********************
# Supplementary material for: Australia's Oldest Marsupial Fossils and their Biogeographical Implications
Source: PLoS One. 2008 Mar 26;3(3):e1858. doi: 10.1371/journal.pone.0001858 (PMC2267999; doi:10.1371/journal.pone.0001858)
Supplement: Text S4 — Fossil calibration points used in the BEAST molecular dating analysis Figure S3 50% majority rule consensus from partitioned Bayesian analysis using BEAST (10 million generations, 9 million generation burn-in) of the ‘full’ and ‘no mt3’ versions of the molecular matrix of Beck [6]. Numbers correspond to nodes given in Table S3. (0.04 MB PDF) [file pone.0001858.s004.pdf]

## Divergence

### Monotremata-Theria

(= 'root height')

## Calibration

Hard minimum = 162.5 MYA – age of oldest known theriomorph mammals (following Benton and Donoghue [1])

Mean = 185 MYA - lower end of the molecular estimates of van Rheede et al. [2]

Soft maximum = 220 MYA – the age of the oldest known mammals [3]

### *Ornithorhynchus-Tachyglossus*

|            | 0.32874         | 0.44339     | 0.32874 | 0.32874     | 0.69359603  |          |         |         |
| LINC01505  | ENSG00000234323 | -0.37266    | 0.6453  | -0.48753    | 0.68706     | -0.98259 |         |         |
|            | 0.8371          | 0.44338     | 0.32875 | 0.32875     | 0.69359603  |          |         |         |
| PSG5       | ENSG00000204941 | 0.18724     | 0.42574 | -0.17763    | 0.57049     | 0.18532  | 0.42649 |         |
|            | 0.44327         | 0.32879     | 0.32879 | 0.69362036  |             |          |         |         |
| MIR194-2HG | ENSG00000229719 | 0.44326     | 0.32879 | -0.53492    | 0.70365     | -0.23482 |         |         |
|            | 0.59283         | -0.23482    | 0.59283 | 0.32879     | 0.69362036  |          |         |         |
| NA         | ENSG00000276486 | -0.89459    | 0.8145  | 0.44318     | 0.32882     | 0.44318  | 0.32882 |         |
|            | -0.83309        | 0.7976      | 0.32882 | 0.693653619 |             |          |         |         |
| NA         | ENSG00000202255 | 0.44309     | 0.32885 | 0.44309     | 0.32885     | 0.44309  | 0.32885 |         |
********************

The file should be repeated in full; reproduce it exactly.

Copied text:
# Supplementary material for: Australia's Oldest Marsupial Fossils and their Biogeographical Implications
Source: PLoS One. 2008 Mar 26;3(3):e1858. doi: 10.1371/journal.pone.0001858 (PMC2267999; doi:10.1371/journal.pone.0001858)
Supplement: Text S4 — Fossil calibration points used in the BEAST molecular dating analysis Figure S3 50% majority rule consensus from partitioned Bayesian analysis using BEAST (10 million generations, 9 million generation burn-in) of the ‘full’ and ‘no mt3’ versions of the molecular matrix of Beck [6]. Numbers correspond to nodes given in Table S3. (0.04 MB PDF) [file pone.0001858.s004.pdf]

## Divergence

### Monotremata-Theria

(= 'root height')

## Calibration

Hard minimum = 162.5 MYA – age of oldest known theriomorph mammals (following Benton and Donoghue [1])

Mean = 185 MYA - lower end of the molecular estimates of van Rheede et al. [2]

Soft maximum = 220 MYA – the age of the oldest known mammals [3]

### *Ornithorhynchus-Tachyglossus*

|            | 0.32874         | 0.44339     | 0.32874 | 0.32874     | 0.69359603  |          |         |         |
| LINC01505  | ENSG00000234323 | -0.37266    | 0.6453  | -0.48753    | 0.68706     | -0.98259 |         |         |
|            | 0.8371          | 0.44338     | 0.32875 | 0.32875     | 0.69359603  |          |         |         |
| PSG5       | ENSG00000204941 | 0.18724     | 0.42574 | -0.17763    | 0.57049     | 0.18532  | 0.42649 |         |
|            | 0.44327         | 0.32879     | 0.32879 | 0.69362036  |             |          |         |         |
| MIR194-2HG | ENSG00000229719 | 0.44326     | 0.32879 | -0.53492    | 0.70365     | -0.23482 |         |         |
|            | 0.59283         | -0.23482    | 0.59283 | 0.32879     | 0.69362036  |          |         |         |
| NA         | ENSG00000276486 | -0.89459    | 0.8145  | 0.44318     | 0.32882     | 0.44318  | 0.32882 |         |
|            | -0.83309        | 0.7976      | 0.32882 | 0.693653619 |             |          |         |         |
| NA         | ENSG00000202255 | 0.44309     | 0.32885 | 0.44309     | 0.32885     | 0.44309  | 0.32885 |         |